Through all the hoopla of unusual copy approaches and a multitude of tests, certain basic rules of copywriting success remain the standard. Here are 14 of those rules:

  1. Remember to keep the first sentence short. Your reader will form an instant impression of your landing page, email or direct mail by reading the first sentence, If it’s short and easy to read, chances are better that he’ll read on, but if it’s slow, long, or too complex, he might abandon it.

 

  1. Be selective in your salutation. First, use personalization if you can. Second, avoid at all costs using those trite, stuffy openings like “Dear Sir” or “Gentlemen.” An often overused choice among direct mailers is “Dear Friend.” It’s OK, but if you can personalize your opening, do so,. For example, “Fear Collector,” “Dear Tennis Nut,” “Dear Executive,” or “Dear World Traveler” can help you zero in on your readers and establish a better rapport.

 

  1. For special interest groups, you can leave out “Dear.” Try “This Private Notification is Limited to Executives Earning More than $100,000 a Year” or “Information for Experience Collectors Only.”

 

  1. Watch your spacing in the letter. For the sake of improved readability, single-space the letter and double-space between paragraphs. Most people find this style the easiest to read.

 

  1. Another important rule is to make sure that your intentions are clear. You may tease a reader on the outer envelope or subject line, but don’t make him read five pages to find out what you’re selling. Remember, at the letter’s opening you have his attention—so don’t be afraid to “fire your biggest gun” at that point.

 

  1. Use specifics to strengthen your copy. Don’t just write that your vitamins are superior. Tell why, and use concrete examples.

 

  1. Use specifics in your testimonials. For a photography book promotion, don’t use “Your book is really terrific. I enjoyed it very much.” Instead use “I tried your ideas and methods … so far I’ve had 19 photos accepted and paid for—and I’m just getting started.” Give your readers “meat,” not generalizations.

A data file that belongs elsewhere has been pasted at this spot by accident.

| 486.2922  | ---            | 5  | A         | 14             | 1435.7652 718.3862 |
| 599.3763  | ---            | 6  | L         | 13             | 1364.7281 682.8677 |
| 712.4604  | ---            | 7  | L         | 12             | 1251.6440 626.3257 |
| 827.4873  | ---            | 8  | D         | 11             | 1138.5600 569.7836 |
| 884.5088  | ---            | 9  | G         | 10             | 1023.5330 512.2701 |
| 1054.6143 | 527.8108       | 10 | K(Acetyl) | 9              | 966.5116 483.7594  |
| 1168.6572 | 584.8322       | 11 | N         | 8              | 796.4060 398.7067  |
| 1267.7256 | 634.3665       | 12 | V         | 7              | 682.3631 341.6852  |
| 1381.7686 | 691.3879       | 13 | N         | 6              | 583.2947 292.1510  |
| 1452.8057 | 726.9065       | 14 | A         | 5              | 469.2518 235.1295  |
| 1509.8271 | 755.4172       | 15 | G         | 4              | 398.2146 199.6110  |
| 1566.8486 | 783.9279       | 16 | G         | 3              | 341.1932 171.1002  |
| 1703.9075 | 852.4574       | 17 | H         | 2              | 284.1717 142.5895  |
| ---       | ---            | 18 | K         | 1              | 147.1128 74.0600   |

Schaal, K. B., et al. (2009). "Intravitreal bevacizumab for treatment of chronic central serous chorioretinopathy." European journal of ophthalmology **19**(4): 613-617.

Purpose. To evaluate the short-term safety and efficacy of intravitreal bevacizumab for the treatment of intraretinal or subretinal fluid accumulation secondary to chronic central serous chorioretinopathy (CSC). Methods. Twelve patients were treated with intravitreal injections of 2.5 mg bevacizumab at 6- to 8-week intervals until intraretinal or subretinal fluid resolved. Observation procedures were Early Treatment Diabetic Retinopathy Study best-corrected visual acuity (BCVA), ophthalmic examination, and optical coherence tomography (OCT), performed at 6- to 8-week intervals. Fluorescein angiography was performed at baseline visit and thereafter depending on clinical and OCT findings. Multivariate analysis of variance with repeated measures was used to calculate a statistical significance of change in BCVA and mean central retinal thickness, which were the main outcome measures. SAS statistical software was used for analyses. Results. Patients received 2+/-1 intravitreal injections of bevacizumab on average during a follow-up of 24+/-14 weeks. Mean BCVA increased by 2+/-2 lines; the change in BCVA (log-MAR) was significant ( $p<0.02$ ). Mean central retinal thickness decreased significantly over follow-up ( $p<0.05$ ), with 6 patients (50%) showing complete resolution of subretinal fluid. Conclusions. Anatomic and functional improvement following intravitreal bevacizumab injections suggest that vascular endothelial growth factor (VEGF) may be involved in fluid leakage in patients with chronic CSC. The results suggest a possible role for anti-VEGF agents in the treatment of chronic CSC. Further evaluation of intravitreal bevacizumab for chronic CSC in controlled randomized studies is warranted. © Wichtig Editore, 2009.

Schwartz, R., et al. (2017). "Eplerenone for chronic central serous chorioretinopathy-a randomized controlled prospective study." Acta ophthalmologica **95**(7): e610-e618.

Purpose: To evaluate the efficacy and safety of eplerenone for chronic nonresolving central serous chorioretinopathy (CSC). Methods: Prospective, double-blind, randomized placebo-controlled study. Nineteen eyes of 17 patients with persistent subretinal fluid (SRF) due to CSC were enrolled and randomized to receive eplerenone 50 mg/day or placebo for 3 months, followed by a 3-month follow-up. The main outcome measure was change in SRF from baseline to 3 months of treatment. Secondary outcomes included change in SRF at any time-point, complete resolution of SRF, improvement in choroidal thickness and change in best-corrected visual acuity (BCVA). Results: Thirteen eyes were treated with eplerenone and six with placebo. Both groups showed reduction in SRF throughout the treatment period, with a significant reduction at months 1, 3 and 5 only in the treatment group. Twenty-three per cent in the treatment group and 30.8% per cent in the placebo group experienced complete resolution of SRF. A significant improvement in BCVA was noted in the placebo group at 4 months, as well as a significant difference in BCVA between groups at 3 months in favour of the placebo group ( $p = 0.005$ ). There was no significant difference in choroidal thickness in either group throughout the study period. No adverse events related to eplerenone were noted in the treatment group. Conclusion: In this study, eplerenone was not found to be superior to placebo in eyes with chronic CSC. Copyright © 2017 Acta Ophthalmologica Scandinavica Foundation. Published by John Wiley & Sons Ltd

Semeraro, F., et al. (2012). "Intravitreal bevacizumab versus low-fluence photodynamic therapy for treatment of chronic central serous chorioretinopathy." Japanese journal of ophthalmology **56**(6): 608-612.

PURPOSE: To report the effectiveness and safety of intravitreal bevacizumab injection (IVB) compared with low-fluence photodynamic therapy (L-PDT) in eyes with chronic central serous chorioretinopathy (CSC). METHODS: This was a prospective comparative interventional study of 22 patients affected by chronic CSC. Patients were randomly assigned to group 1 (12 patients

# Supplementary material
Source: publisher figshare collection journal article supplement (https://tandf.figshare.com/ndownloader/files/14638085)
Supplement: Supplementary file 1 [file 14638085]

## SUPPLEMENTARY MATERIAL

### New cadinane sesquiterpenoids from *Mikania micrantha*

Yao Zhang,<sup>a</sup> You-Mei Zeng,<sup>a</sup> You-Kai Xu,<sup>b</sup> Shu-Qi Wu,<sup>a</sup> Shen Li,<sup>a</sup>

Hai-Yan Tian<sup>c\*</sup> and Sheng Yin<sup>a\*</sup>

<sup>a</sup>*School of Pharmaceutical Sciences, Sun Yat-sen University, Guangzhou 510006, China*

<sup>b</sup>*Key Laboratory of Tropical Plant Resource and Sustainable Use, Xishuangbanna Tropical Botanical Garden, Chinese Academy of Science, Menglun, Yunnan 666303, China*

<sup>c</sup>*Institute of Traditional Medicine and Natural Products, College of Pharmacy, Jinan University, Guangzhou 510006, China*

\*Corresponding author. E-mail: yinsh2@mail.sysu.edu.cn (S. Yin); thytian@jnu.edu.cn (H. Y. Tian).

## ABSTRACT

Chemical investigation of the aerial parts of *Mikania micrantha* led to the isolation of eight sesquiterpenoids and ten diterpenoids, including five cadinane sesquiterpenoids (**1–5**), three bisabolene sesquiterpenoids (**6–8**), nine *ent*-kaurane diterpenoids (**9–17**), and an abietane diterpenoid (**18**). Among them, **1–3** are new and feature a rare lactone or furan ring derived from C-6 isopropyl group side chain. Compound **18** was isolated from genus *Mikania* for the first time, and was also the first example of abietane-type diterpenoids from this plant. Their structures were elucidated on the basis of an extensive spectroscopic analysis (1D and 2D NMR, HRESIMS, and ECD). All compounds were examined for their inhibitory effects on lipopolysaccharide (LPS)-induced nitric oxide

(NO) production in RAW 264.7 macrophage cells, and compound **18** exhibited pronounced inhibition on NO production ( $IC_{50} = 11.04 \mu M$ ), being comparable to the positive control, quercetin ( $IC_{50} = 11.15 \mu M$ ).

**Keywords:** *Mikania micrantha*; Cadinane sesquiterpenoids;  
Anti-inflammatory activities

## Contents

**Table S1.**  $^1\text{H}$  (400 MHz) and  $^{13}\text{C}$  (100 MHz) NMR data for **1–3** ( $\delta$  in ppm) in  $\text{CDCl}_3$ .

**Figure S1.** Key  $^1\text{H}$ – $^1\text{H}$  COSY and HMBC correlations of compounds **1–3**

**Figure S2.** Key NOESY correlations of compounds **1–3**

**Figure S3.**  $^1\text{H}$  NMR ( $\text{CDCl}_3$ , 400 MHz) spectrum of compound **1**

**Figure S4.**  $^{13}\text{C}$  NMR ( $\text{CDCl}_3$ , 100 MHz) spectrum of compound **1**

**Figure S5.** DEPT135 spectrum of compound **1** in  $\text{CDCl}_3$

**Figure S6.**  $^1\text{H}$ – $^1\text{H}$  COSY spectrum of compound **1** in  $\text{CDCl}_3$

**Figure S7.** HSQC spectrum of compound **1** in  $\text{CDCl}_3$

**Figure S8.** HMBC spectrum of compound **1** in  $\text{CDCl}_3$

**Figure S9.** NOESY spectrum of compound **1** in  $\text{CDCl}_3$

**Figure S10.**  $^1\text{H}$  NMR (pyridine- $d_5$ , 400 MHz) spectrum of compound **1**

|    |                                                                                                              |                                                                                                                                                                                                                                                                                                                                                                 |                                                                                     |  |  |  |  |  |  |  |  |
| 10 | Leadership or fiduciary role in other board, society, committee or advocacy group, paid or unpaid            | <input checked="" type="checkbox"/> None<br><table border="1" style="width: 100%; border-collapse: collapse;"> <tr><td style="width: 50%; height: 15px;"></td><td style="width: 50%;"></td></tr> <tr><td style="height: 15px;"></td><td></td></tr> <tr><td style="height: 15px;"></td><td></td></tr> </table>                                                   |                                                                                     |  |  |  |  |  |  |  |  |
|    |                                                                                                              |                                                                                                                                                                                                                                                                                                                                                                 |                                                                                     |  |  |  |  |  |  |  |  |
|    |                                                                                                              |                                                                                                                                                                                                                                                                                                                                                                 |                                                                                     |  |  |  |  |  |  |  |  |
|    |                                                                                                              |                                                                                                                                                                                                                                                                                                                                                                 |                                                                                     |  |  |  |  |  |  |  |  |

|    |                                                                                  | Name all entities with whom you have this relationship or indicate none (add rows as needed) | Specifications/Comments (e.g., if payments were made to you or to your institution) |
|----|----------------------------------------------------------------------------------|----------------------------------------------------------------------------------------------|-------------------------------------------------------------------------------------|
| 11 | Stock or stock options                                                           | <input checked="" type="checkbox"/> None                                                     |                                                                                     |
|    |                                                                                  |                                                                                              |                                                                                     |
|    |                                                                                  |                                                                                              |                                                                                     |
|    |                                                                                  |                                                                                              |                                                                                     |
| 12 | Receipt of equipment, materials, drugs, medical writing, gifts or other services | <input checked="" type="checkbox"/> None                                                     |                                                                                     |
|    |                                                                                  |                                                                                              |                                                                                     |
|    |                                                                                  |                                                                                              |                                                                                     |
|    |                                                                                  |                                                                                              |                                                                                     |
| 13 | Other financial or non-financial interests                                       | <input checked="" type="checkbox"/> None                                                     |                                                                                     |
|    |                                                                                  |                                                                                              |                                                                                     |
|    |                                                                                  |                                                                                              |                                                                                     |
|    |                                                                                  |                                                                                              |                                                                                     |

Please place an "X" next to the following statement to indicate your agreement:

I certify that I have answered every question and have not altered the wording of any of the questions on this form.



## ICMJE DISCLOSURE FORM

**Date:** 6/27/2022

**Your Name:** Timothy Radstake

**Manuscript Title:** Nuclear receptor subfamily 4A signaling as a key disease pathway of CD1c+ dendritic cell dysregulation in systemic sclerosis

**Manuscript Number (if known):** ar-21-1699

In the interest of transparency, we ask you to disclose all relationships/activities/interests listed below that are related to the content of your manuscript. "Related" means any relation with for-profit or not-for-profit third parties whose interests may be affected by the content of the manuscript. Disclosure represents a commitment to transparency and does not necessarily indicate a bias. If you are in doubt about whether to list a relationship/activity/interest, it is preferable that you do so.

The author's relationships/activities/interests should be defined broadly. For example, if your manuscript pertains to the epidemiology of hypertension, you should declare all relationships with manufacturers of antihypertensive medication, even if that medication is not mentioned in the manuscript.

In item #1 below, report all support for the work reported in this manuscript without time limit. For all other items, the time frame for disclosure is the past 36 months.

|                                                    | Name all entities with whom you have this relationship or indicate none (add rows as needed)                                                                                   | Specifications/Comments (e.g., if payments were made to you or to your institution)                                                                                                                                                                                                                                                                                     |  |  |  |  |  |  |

1. Make sure what you provide is exciting to the reader. Sometimes what’s exciting and important to you isn’t interesting to the prospect. So you need to key in on his needs and concerns, not yours.

 

  1. Include the active voice. Isolate all phrases telling what you’ll do for the person. Then make sure to revise a passive voice to an active voice. Don’t write “The kit will be forwarded to you immediately.” Instead, simply write “I’ll send you your kit.”

 

  1. Remember that benefits outsell descriptions. Increasing “you-benefit” copy and minimizing mechanical descriptions mean better response. You won’t sell a car by describing the type of safety glass or the gauge of the steel. A buyer will respond if you emphasize benefits: great handling, increased gas mileage, high resale value, performance, clean lines, etc.

 

  1. Check to see if the components of your mailing package reinforce each other. If you have a letter, brochure, and lift letter or flyer, don’t just repeat the same copy, Make references in the letter to see the brochure for full details. The brochure could include excerpted articles or more benefits.

 

  1. Make sure your principal sales story is feasible. Don’t use an episode that’s not believable. A prospect respects probability, but will reject improbability.

 

  1. Another rule is to zero in on reader action. Your objective is to make the prospect say “Yes! I need that!”

 

  1. What your closing. Do not use “Yours truly” because it’s overly formal. “Sincerely” is appropriate for most business-to-business letters. And for more creative and personal touches, consider “Yours for more vigorous health.” “For the Board of Directors”
    or “Bless you, my dear friend” (for fundraising only).

 
Do you have any questions about your copy or would like someone to help improve your direct response advertising? Call me at (310) 212-5727 or email me at craig@cdmginc.com.

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